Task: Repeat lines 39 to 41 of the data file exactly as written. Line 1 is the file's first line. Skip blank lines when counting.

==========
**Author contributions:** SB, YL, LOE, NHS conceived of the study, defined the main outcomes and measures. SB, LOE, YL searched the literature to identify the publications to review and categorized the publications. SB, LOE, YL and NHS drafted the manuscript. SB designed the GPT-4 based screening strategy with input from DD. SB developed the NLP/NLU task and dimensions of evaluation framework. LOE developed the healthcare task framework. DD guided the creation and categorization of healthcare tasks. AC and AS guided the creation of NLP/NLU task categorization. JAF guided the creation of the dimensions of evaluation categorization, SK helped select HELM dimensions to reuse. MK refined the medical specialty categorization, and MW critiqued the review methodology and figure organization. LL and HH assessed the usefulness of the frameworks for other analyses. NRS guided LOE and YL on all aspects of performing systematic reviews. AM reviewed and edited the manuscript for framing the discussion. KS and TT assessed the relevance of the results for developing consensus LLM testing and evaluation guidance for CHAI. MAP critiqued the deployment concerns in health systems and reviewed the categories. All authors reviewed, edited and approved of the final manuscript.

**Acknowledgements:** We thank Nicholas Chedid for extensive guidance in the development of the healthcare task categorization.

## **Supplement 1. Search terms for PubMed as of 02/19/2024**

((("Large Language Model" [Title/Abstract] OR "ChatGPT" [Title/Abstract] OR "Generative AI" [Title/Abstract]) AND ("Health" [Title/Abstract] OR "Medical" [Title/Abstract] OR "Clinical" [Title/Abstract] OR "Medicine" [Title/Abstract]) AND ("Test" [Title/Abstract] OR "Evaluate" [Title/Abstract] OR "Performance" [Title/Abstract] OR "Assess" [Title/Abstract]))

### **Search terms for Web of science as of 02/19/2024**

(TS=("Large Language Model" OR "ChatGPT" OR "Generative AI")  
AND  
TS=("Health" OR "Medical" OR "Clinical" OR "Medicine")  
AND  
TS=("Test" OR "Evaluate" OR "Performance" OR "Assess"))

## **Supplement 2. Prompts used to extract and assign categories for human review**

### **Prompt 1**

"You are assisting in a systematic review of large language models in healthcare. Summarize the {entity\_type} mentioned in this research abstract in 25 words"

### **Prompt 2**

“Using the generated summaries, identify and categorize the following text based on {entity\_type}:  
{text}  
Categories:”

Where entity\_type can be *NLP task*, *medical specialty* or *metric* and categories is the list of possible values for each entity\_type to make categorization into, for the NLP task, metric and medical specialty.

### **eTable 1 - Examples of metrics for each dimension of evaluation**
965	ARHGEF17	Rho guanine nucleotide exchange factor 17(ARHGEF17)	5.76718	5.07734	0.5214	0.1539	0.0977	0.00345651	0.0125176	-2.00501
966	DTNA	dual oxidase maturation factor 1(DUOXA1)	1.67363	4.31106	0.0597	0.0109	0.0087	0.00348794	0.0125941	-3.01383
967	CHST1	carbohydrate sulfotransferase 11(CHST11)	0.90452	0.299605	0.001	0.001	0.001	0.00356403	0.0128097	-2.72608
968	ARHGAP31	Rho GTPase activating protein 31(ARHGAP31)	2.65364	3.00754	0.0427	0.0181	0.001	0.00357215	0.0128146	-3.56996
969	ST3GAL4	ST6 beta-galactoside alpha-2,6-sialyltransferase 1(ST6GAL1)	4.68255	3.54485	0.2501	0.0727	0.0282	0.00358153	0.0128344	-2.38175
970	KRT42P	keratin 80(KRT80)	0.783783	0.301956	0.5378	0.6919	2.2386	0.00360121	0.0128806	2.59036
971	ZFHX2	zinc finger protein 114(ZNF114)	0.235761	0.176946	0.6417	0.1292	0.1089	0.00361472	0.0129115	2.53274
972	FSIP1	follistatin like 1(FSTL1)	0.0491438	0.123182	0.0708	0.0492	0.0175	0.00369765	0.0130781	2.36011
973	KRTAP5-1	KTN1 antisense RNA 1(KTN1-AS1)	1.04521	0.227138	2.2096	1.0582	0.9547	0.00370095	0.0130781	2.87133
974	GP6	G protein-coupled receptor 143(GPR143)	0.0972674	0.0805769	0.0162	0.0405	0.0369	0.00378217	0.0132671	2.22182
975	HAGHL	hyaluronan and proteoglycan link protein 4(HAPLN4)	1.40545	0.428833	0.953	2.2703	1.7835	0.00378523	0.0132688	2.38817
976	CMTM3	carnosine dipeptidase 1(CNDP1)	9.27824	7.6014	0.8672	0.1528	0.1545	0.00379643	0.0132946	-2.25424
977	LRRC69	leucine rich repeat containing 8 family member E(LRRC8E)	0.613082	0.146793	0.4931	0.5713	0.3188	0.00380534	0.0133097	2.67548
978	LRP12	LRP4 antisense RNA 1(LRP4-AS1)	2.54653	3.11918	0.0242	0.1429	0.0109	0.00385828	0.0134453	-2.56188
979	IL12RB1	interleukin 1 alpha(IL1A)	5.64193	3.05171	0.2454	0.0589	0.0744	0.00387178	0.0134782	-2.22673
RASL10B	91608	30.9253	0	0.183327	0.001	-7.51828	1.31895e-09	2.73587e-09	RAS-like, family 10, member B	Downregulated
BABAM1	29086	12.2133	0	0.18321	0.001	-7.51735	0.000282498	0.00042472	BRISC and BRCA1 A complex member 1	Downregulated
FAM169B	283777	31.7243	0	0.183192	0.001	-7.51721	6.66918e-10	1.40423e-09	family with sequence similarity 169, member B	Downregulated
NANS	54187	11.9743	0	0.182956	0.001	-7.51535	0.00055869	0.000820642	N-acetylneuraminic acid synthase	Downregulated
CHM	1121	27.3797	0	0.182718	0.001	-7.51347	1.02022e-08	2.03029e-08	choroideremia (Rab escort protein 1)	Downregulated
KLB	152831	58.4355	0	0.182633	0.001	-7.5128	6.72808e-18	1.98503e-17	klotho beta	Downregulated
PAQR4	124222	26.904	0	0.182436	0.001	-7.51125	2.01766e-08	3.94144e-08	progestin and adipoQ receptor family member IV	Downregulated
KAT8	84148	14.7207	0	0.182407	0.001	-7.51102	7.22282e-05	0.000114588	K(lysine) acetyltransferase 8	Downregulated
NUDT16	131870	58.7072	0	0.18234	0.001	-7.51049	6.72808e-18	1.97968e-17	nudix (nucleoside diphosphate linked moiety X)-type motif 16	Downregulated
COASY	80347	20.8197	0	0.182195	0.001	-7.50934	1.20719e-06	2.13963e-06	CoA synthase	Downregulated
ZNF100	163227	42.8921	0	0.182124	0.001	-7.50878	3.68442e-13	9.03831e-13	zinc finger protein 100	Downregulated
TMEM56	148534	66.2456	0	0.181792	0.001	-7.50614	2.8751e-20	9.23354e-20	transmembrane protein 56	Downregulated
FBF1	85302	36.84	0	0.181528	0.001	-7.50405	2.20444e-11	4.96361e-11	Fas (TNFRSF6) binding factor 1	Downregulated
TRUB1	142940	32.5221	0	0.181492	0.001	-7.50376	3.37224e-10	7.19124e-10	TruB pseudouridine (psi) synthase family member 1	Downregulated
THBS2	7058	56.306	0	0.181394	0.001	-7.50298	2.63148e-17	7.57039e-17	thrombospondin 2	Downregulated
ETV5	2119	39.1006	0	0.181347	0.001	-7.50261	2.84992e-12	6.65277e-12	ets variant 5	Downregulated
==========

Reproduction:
CHM	1121	27.3797	0	0.182718	0.001	-7.51347	1.02022e-08	2.03029e-08	choroideremia (Rab escort protein 1)	Downregulated
KLB	152831	58.4355	0	0.182633	0.001	-7.5128	6.72808e-18	1.98503e-17	klotho beta	Downregulated
PAQR4	124222	26.904	0	0.182436	0.001	-7.51125	2.01766e-08	3.94144e-08	progestin and adipoQ receptor family member IV	Downregulated